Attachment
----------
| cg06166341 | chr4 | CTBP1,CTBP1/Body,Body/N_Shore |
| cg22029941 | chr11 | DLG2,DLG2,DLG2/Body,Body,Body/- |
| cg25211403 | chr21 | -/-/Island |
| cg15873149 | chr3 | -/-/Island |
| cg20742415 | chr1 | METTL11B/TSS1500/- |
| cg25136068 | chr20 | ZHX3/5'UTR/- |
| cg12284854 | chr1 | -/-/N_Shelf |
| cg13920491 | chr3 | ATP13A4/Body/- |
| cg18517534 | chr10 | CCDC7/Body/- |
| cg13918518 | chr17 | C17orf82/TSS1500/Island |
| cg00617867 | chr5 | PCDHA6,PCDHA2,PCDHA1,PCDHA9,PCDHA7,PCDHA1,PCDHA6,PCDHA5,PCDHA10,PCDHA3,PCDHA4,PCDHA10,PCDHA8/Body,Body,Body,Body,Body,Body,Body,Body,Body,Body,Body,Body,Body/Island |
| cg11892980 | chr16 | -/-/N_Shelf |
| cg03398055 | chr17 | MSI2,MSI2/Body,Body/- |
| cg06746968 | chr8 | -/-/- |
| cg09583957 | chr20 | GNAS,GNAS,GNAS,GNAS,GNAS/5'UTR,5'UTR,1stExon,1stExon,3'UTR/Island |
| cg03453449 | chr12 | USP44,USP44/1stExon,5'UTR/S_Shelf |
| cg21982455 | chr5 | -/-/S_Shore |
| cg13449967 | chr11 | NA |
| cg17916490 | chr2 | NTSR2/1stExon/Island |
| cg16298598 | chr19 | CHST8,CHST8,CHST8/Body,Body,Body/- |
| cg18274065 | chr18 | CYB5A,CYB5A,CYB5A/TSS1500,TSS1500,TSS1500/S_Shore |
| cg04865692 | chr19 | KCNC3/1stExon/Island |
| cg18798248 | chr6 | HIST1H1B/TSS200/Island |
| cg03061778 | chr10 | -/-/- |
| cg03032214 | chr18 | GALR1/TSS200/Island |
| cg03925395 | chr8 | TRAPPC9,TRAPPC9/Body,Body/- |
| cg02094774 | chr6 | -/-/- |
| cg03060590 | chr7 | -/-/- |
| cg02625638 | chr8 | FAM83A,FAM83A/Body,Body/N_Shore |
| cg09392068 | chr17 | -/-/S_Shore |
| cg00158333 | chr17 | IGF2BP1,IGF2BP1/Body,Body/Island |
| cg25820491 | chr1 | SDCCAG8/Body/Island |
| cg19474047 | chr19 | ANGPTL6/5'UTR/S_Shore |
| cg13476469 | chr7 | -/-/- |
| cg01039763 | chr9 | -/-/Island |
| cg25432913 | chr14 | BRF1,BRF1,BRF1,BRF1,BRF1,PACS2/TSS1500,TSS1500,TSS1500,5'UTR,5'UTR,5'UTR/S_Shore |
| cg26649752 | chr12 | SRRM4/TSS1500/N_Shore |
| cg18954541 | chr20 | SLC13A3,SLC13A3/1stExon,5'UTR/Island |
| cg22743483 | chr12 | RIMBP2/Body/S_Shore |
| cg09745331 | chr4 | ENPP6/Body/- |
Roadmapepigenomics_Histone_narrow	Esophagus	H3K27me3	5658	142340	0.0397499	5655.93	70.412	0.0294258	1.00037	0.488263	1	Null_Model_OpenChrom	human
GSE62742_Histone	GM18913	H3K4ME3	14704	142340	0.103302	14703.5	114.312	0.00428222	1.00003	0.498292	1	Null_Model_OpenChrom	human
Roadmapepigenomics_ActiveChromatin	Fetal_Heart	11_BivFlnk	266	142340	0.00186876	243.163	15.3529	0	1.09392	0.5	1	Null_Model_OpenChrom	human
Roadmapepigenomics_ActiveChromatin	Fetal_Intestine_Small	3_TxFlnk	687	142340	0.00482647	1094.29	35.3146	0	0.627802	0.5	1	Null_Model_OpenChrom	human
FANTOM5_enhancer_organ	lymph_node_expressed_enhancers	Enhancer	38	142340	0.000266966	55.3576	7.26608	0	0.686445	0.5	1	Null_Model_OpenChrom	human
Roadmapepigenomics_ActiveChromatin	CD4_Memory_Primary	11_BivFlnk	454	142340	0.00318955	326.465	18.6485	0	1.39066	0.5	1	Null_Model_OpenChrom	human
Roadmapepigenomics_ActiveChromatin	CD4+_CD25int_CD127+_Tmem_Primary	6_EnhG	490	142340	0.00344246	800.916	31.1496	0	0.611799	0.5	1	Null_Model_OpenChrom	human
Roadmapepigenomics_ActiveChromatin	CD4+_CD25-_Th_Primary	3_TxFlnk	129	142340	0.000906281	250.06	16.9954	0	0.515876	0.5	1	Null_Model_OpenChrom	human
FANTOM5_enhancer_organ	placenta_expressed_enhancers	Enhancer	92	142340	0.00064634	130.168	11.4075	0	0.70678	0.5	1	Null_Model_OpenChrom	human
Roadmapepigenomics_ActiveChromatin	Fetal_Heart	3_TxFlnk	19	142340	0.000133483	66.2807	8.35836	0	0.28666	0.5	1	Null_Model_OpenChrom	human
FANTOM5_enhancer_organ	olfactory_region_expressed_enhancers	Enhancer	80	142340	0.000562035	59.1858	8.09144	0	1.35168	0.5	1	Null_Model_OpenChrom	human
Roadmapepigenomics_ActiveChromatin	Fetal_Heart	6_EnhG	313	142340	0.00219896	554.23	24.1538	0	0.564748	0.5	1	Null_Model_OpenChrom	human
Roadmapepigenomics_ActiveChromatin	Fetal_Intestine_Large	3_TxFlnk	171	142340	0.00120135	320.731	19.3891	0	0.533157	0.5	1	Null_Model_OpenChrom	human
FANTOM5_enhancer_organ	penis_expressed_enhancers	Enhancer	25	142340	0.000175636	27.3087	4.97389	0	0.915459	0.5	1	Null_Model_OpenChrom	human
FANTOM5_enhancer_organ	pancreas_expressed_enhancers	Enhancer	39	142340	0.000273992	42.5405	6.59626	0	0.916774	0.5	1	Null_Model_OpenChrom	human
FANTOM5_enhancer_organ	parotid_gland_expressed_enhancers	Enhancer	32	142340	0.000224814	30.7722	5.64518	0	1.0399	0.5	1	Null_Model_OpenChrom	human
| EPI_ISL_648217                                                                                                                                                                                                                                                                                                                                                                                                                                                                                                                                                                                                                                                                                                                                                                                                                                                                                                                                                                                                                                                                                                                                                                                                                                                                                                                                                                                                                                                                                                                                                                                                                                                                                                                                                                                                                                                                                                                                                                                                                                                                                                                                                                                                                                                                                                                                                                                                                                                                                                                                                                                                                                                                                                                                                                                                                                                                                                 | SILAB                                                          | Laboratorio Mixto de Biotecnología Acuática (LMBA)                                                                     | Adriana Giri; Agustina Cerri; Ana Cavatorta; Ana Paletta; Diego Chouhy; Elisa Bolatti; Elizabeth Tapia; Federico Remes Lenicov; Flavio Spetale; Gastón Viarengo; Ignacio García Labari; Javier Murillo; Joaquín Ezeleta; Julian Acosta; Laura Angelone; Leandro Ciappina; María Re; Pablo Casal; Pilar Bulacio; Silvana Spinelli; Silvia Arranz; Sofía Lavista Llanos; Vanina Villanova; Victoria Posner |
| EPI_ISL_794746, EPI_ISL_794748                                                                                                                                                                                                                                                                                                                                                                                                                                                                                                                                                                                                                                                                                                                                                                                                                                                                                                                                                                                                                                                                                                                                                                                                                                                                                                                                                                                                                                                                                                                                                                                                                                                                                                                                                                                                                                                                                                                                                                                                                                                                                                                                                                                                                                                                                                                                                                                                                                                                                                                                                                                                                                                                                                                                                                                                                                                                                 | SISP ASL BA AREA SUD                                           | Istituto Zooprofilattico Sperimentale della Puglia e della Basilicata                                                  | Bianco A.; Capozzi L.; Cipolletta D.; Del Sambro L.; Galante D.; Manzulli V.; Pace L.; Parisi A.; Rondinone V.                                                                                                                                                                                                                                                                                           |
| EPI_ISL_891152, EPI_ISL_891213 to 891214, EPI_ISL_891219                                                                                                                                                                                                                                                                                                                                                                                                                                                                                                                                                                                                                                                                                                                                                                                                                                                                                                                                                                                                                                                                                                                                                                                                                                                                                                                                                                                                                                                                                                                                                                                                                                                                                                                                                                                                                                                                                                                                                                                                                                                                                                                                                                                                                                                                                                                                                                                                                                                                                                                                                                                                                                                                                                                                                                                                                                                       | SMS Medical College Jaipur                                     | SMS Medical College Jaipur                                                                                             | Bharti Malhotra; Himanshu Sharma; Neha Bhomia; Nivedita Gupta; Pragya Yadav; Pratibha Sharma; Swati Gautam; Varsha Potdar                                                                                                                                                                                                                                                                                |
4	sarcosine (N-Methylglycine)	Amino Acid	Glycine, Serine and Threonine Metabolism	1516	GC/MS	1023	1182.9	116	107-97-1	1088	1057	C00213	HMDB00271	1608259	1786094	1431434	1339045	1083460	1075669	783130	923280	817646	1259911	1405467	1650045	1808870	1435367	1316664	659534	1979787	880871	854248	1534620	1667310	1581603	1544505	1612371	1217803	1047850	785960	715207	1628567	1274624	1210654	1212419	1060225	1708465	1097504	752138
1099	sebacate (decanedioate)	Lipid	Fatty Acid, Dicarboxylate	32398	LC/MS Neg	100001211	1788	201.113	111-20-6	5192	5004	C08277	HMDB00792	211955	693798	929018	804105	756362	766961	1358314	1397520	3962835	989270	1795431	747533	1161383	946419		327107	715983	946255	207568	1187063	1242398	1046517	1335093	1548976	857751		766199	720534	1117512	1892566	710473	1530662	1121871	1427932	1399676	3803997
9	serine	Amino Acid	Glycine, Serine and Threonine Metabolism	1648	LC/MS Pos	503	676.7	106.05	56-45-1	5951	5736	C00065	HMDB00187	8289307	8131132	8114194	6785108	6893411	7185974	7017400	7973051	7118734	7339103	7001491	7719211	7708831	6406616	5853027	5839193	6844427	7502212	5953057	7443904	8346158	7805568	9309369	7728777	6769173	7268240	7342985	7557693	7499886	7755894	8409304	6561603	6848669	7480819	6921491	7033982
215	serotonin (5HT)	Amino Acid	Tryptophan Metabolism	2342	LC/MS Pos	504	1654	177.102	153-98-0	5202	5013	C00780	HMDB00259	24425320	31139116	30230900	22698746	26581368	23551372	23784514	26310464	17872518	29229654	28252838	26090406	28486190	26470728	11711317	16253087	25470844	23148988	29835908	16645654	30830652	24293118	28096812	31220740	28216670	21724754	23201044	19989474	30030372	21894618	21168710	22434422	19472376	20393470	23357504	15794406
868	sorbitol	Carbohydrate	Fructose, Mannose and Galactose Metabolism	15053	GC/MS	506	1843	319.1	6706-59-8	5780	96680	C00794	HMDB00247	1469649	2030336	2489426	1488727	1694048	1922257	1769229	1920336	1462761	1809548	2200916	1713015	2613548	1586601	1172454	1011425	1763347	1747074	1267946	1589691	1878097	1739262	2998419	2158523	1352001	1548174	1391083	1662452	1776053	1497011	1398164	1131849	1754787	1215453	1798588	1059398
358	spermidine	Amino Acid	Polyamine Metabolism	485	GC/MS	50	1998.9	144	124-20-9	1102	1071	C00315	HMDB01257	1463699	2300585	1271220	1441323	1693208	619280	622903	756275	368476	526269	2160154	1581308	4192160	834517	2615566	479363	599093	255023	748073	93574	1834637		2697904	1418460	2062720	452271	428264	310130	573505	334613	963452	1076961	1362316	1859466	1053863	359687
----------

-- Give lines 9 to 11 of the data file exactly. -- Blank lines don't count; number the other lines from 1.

| cg18517534 | chr10 | CCDC7/Body/- |
| cg13918518 | chr17 | C17orf82/TSS1500/Island |
| cg00617867 | chr5 | PCDHA6,PCDHA2,PCDHA1,PCDHA9,PCDHA7,PCDHA1,PCDHA6,PCDHA5,PCDHA10,PCDHA3,PCDHA4,PCDHA10,PCDHA8/Body,Body,Body,Body,Body,Body,Body,Body,Body,Body,Body,Body,Body/Island |